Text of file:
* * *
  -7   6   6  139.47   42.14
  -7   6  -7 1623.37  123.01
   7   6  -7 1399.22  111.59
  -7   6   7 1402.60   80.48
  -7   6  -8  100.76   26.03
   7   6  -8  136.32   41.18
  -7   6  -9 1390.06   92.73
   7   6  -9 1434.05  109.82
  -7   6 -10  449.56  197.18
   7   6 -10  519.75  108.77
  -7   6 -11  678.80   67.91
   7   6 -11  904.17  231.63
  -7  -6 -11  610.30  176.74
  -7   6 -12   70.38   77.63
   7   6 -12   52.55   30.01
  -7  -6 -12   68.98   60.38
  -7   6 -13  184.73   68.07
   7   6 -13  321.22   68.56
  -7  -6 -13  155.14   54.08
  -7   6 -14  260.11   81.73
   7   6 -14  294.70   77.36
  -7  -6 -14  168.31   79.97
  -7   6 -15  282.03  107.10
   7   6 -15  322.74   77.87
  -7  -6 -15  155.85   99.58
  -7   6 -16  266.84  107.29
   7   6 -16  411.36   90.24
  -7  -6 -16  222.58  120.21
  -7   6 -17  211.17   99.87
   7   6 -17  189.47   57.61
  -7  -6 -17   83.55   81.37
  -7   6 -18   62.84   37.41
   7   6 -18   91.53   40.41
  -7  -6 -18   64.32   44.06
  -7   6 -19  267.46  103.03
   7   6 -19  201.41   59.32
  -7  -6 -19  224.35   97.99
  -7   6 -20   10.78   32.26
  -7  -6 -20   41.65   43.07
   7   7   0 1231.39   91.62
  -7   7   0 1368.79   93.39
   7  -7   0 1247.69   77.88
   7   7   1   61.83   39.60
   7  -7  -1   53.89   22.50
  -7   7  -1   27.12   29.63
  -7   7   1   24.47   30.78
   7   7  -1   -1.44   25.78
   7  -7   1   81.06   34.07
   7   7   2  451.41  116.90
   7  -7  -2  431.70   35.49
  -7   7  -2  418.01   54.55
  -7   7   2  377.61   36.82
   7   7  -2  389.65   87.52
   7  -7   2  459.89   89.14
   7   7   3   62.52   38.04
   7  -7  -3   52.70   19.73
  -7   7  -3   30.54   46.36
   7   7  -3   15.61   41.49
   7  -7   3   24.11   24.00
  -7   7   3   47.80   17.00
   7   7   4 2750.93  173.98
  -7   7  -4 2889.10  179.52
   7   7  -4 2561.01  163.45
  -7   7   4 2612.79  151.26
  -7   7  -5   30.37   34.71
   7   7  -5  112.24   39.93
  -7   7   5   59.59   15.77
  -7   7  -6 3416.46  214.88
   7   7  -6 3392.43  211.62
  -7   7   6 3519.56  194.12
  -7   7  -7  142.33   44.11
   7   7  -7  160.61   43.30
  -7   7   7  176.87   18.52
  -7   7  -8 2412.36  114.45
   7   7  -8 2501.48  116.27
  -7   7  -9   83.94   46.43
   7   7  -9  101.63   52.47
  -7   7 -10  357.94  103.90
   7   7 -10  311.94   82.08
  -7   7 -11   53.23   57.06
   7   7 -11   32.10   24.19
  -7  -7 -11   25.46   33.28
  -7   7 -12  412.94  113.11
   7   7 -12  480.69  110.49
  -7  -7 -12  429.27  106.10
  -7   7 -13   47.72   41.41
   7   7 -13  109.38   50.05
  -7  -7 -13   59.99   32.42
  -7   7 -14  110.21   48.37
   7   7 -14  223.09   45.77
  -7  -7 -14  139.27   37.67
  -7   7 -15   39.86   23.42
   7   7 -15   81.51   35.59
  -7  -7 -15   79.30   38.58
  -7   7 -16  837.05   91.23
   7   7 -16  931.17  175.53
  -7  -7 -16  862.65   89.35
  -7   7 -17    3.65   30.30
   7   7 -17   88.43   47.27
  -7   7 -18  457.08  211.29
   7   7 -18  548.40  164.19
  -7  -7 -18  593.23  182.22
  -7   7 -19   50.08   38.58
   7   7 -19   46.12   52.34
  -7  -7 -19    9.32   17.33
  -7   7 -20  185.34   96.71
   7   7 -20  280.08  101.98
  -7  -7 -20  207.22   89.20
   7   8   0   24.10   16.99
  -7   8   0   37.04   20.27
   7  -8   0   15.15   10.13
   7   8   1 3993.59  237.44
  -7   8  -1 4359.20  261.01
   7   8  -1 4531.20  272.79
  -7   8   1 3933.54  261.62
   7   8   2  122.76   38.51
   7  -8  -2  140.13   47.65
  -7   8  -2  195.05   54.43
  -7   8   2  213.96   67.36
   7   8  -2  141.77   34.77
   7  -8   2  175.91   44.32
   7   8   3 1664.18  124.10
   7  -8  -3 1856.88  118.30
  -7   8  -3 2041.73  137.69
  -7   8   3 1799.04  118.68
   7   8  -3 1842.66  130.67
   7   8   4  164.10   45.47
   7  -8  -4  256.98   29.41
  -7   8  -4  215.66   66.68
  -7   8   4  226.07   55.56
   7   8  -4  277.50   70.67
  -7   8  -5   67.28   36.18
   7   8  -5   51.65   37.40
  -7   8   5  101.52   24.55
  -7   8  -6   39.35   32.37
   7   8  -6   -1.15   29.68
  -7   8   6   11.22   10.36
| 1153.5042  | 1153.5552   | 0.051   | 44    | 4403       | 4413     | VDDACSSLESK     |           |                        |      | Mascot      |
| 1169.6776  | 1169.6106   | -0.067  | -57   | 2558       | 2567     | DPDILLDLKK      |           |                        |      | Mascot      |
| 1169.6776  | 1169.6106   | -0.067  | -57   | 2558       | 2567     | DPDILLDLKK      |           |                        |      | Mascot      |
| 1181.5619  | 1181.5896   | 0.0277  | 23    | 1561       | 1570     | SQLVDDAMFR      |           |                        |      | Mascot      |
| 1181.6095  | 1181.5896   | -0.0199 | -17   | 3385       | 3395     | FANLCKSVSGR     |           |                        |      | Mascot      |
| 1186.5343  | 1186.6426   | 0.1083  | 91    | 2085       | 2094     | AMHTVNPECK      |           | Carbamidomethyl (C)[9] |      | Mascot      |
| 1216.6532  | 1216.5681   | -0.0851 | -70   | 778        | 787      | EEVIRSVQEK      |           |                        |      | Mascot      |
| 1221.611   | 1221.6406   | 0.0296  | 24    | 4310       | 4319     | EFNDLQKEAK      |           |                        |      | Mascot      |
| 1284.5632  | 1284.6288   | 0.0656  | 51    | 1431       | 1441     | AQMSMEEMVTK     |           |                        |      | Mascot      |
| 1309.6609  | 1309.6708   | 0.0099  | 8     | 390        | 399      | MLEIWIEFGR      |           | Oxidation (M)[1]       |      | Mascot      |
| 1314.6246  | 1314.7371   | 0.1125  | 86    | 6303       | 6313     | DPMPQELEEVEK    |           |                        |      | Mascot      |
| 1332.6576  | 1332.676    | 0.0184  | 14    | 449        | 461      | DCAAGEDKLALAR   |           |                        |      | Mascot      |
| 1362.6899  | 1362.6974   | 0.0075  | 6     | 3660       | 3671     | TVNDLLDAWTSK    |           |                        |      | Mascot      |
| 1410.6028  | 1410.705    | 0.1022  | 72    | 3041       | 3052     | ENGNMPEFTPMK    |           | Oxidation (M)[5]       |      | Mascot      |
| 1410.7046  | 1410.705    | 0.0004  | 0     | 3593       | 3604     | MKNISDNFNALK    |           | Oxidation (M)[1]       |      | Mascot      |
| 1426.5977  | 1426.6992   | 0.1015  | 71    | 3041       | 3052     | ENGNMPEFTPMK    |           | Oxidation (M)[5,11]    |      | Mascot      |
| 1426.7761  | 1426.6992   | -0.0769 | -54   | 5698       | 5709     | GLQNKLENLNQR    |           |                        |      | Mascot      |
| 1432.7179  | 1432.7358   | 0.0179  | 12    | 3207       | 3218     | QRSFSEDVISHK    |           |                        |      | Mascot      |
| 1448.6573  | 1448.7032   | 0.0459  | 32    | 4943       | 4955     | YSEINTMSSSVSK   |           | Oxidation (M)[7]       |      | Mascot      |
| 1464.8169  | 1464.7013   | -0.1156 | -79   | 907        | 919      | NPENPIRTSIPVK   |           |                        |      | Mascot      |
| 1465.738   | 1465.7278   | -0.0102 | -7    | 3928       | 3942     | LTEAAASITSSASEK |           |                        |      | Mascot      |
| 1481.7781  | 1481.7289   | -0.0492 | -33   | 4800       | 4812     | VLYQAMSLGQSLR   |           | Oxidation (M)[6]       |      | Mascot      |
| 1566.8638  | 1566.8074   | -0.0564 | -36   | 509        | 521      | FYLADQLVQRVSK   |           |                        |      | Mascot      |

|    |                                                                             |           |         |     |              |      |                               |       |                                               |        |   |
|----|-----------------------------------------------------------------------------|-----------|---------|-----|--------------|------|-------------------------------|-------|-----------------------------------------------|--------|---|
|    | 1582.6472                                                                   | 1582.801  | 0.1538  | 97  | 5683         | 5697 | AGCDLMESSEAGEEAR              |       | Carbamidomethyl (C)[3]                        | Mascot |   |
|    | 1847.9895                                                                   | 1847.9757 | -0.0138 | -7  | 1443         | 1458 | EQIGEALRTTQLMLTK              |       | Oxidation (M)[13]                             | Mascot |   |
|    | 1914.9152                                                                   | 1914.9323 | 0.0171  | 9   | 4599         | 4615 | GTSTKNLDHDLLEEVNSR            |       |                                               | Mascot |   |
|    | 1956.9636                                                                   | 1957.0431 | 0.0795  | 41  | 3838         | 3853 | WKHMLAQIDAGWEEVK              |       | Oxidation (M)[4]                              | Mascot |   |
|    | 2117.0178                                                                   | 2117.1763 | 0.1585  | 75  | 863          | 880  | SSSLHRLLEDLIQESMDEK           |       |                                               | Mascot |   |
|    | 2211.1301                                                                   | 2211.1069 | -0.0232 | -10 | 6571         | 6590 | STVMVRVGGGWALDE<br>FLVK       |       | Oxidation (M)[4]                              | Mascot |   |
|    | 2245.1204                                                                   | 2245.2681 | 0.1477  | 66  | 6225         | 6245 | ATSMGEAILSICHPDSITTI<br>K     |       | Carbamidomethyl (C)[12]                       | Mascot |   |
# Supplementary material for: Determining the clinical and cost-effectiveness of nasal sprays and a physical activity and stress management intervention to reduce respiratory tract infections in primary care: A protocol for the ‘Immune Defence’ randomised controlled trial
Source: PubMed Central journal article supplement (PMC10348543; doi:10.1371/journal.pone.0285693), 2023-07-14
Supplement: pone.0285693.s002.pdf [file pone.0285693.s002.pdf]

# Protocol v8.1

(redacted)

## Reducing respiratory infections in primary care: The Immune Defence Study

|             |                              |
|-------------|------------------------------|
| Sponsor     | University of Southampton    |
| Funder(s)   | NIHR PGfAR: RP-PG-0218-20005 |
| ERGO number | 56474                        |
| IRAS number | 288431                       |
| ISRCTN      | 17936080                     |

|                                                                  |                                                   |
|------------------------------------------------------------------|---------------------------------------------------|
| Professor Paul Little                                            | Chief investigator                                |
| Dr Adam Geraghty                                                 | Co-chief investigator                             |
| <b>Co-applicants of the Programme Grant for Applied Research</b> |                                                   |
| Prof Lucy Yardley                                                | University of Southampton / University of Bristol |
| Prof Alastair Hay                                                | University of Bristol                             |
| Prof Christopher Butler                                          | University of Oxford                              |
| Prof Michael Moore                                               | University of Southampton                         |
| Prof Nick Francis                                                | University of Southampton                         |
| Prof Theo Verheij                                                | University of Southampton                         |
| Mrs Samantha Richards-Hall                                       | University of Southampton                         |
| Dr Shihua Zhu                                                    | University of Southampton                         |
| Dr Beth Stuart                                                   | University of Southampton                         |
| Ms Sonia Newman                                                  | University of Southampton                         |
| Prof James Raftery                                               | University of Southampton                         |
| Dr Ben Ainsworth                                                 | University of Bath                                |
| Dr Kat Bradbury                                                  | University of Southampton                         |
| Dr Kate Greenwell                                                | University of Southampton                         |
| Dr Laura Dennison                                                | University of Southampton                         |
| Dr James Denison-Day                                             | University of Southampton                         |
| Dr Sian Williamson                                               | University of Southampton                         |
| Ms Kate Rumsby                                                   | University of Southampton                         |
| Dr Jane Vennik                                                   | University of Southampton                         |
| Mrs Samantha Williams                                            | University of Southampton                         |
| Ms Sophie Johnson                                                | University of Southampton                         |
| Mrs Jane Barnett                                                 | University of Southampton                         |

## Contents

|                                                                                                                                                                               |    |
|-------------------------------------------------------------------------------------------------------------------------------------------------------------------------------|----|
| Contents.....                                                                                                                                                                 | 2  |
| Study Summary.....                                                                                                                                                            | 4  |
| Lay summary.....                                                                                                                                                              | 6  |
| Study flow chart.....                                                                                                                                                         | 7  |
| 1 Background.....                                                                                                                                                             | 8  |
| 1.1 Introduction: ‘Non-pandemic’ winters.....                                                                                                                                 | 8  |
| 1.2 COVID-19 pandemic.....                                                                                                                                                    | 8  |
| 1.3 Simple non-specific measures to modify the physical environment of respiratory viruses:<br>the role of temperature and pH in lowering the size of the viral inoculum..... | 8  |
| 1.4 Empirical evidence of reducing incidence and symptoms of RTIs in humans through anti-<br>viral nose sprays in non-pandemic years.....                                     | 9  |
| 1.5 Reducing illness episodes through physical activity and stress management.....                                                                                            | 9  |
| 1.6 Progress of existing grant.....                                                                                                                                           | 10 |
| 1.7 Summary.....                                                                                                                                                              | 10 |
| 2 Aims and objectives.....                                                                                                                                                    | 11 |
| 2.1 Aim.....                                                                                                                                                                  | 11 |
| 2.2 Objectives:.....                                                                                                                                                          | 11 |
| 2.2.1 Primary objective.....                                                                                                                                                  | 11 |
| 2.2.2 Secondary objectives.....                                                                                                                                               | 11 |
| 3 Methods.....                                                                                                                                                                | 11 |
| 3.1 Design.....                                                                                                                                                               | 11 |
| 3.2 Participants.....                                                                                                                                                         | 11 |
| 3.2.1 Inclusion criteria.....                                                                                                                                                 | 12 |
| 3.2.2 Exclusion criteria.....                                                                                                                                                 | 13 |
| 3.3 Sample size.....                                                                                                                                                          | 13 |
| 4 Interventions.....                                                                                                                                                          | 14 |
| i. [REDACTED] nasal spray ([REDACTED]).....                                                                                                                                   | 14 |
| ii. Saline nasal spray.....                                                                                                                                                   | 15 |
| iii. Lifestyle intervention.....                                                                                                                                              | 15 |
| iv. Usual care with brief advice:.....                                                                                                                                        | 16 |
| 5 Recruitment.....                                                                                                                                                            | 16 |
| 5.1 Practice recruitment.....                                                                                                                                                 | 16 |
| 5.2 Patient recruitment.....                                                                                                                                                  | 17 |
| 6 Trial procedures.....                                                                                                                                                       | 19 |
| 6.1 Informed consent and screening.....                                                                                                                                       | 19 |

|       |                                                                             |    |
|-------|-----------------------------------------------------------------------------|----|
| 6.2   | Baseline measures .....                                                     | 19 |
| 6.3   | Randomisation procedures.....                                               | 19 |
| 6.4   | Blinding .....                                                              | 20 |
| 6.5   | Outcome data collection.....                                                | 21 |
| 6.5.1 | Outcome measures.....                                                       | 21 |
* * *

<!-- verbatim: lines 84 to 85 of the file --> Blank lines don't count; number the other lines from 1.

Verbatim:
   7   7 -12  480.69  110.49
  -7  -7 -12  429.27  106.10